Whether it’s unpaid or low paid, most internships these days have nothing to do with education or community service. In an era of record corporate profits and high unemployment, unpaid labor of any kind is an exploitative, unethical practice, one that is proliferating to help multi-billion dollar companies insure that Bill Lumberg’s stock goes up a quarter point.


  1. says

    All we have to do is look at where most of the manufacturing is done today, and remind ourselves that conservatives and libertarians want to do away with minimum wage, welfare, unions, and regulations because if they can save on transportation costs by having the same working conditions here that they have in China, Bangladesh, or so many other nations.

  2. leftwingfox says

    This is rampant in the creative industries too, where “spec work” is common.

    As Mel Blanc described it.

    “Spec is what someone does now for nothing, on the promise he will get more than he deserves later on.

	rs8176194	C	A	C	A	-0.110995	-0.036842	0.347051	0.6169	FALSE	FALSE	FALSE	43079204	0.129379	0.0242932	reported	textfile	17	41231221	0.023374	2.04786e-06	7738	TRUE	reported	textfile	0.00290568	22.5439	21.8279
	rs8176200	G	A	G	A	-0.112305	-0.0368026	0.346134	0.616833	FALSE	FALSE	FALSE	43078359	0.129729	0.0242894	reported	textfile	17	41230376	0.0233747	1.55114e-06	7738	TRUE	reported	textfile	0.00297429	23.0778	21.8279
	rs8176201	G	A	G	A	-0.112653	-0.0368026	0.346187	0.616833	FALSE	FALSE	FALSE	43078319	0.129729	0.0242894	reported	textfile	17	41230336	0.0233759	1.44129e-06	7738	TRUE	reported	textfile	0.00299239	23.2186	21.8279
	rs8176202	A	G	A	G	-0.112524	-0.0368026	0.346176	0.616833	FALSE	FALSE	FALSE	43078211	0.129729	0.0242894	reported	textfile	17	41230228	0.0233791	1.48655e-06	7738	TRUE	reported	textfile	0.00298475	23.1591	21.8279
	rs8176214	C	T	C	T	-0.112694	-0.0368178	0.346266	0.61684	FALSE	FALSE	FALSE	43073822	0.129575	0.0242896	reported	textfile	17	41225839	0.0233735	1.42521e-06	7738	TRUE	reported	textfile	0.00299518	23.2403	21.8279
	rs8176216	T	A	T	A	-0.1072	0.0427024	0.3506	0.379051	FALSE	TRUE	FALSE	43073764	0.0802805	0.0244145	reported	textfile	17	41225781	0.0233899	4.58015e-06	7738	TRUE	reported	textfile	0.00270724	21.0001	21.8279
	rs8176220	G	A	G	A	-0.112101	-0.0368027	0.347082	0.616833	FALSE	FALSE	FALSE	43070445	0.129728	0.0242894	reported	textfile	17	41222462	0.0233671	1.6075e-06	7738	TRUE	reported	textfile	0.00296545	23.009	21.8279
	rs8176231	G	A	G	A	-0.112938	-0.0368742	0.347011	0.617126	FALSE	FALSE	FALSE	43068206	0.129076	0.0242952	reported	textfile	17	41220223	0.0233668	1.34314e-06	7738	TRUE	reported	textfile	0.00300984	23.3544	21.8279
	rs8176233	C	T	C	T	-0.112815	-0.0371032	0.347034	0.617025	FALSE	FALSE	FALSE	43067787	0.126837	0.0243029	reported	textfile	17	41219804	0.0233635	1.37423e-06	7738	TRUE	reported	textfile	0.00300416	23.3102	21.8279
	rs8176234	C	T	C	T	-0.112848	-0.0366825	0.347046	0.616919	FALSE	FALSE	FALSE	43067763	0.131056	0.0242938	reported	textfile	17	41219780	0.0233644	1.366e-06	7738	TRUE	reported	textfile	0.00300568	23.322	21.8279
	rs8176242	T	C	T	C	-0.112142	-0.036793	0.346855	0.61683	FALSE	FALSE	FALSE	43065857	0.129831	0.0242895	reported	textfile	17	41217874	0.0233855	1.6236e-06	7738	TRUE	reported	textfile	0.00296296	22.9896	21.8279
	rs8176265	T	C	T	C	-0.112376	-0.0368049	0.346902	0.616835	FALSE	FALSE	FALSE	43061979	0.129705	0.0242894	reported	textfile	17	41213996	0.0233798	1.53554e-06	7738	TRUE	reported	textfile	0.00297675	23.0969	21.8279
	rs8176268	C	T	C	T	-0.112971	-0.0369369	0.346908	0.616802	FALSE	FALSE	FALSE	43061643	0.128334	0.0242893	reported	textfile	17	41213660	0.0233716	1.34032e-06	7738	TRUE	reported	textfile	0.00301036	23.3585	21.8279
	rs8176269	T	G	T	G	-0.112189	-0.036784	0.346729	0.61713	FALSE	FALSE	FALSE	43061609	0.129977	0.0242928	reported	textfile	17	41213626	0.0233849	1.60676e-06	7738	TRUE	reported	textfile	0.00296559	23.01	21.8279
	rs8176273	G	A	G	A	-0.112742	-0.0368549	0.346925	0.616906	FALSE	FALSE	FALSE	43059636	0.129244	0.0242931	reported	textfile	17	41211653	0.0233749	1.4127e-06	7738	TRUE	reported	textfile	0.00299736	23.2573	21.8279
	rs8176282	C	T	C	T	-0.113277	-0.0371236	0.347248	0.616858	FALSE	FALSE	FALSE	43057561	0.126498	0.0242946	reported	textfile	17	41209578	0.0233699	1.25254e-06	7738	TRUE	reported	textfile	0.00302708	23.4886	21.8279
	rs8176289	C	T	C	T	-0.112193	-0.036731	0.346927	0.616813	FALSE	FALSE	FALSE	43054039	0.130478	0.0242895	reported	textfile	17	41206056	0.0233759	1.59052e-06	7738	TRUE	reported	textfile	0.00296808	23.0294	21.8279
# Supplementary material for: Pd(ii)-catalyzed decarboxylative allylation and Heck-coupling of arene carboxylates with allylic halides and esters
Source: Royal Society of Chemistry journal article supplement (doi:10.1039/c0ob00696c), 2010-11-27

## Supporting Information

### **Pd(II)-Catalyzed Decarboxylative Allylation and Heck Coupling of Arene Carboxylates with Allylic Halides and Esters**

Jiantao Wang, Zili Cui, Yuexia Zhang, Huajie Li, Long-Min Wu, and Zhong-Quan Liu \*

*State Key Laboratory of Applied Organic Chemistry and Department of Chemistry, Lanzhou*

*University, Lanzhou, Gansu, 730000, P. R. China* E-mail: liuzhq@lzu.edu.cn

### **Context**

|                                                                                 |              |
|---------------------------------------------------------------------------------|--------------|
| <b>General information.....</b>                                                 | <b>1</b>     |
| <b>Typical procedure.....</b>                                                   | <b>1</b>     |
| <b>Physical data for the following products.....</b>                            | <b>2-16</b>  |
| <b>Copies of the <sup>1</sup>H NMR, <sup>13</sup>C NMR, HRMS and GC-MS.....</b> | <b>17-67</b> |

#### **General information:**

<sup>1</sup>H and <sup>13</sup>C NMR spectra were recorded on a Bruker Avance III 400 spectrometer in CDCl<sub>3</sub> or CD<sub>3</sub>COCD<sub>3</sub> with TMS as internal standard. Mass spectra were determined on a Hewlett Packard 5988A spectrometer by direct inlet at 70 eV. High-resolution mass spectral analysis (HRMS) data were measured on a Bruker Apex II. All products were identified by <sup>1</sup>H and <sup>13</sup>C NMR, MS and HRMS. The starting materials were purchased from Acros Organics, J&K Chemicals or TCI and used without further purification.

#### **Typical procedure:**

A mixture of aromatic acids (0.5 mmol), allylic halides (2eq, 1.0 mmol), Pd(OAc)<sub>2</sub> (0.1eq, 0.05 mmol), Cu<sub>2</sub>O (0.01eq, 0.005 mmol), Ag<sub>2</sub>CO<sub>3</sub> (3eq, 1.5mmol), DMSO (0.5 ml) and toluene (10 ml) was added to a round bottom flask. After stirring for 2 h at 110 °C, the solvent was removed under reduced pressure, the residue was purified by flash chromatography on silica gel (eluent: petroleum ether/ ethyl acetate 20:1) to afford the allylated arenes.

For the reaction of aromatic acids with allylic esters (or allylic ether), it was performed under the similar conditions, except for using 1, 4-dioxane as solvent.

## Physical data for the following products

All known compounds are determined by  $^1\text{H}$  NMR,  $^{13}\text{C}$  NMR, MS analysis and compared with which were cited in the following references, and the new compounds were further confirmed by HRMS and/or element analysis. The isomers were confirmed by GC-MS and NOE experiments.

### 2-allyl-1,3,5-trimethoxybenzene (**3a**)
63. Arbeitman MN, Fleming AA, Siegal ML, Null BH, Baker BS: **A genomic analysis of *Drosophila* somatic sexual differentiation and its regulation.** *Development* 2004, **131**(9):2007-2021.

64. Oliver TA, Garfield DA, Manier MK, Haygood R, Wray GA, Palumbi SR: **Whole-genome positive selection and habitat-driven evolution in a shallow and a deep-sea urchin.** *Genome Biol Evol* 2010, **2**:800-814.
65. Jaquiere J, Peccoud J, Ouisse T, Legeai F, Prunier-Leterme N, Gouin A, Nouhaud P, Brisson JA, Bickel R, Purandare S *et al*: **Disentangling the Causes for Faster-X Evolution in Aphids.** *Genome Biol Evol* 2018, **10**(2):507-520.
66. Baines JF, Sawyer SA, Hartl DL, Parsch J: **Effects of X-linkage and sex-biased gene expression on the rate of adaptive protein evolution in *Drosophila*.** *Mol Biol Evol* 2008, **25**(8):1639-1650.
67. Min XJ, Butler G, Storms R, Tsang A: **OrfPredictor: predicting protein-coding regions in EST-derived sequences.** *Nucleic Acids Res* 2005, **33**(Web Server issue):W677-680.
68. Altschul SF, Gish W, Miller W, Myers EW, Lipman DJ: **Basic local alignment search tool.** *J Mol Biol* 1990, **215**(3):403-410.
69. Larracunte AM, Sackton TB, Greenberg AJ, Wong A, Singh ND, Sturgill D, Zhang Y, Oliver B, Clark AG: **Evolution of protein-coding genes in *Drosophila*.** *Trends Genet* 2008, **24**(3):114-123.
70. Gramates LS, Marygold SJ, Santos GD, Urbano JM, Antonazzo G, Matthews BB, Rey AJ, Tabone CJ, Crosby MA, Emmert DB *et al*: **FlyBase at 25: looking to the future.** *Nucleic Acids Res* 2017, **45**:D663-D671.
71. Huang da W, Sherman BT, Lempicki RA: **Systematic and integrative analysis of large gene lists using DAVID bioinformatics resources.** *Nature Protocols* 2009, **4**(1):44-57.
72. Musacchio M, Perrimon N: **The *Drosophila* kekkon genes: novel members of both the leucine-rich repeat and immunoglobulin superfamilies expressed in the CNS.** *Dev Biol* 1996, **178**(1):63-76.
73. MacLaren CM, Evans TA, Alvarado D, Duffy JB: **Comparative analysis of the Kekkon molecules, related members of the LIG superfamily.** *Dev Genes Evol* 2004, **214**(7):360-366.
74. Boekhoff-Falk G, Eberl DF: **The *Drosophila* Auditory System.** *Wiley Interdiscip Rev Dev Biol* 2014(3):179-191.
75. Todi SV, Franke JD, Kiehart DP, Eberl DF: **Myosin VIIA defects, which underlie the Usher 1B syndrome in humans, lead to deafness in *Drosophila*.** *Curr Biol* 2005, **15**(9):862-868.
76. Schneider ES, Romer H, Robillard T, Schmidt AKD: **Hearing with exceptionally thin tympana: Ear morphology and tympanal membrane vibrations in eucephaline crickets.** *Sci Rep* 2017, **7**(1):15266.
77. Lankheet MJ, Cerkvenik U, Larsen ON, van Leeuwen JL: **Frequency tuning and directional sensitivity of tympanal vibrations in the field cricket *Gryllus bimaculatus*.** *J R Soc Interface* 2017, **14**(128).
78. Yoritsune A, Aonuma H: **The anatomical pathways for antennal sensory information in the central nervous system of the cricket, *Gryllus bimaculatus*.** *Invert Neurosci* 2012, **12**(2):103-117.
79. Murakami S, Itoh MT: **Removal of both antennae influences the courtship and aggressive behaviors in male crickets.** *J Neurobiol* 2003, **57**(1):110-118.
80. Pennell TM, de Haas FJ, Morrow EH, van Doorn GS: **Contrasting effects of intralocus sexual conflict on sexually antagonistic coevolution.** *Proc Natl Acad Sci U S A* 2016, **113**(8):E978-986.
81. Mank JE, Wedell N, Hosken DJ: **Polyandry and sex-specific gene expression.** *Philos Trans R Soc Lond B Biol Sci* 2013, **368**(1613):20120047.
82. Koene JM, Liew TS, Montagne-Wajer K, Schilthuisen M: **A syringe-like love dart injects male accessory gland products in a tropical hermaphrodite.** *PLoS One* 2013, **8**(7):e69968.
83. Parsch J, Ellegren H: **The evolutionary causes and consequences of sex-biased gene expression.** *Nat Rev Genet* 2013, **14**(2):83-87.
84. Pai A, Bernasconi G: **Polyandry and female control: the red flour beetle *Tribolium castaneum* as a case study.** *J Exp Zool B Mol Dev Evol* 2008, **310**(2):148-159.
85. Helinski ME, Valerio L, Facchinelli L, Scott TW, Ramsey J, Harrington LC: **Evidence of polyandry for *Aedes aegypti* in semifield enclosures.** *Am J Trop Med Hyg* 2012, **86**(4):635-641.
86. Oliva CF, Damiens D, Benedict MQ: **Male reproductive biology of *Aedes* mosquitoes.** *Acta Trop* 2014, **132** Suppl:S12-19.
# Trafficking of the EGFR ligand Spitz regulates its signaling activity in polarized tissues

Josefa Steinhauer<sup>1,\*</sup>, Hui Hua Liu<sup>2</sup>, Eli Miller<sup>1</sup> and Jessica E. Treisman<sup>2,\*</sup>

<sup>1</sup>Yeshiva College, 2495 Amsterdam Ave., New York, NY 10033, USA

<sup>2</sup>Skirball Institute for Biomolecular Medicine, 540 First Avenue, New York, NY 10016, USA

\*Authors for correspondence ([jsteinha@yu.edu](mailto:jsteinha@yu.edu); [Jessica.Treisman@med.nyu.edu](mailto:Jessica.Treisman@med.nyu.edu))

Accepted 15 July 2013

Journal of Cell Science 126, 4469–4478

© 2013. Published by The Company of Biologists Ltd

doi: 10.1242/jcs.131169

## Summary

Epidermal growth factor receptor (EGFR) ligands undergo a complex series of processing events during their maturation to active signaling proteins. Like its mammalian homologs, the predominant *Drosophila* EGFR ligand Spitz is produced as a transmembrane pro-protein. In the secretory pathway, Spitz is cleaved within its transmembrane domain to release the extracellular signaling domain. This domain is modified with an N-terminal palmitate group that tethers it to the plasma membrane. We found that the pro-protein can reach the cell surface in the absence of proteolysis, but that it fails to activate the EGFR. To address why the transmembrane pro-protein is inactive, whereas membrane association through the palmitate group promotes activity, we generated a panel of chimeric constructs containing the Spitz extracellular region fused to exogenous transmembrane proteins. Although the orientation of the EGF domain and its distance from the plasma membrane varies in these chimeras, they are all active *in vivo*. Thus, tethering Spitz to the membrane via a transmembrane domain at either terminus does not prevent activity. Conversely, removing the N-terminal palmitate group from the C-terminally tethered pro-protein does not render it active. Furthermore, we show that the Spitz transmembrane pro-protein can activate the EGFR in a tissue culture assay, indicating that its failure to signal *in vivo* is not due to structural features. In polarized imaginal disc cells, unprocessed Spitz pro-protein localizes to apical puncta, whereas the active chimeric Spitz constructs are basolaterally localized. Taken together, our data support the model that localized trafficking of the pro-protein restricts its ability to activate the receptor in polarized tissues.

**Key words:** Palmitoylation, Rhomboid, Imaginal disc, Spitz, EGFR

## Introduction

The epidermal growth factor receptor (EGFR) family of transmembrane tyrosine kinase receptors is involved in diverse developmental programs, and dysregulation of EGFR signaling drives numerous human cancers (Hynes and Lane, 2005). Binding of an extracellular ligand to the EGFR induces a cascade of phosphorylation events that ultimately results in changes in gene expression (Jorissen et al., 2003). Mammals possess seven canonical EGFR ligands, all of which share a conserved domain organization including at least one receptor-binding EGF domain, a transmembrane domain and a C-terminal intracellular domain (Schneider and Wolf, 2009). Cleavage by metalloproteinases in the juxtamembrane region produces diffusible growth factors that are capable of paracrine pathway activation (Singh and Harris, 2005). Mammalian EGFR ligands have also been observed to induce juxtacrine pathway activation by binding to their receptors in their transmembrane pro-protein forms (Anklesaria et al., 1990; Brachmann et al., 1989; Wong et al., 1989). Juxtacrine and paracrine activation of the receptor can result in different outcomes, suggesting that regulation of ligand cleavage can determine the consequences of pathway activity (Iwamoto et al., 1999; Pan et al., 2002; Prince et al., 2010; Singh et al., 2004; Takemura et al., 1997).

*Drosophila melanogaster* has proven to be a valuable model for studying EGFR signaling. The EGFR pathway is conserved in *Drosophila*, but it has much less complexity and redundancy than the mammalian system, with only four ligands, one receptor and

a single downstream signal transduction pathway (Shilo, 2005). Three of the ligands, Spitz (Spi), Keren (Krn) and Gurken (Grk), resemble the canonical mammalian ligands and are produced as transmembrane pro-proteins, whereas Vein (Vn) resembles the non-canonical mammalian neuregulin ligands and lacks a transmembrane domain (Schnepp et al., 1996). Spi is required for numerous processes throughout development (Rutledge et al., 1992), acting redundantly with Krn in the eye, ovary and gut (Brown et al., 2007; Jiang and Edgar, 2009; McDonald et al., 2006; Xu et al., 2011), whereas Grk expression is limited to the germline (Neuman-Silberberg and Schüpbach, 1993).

It’s also a small piece of dirt.”

  3. Francisco Bacopa says

    I think the whole purpose of internships has been not only to provide companies with low cost or free labor, but to make sure only the “right” kind of people have a chance to join influential companies and organizations.

  4. left0ver1under says

    Internships aren’t just meant to be available for those who come from wealth. The intent is to keep the poor from ever attaining them, to prevent “undesirables” (as the wealthy view them) from ever getting six figure salaries and into the halls of power. Just as the clowns who want rape culture try to pretend most accusations are false, so do the wealthy elite want to pretend Chris Gardner represents a positive image of internships, as if homelessness and child endangerment were something to aspire to.

    The big lie is “If you work hard enough you can get ahead,” that those who don’t get such “jobs” are lazy or not smart enough. But in reality, the deck is stacked in favour of the already-haves. The last thing that wall street types want is a meritocracy. And I wouldn’t doubt that sexual harassment is rampant (see: Mark Foley), and intended to keep women out of power.

  5. No One says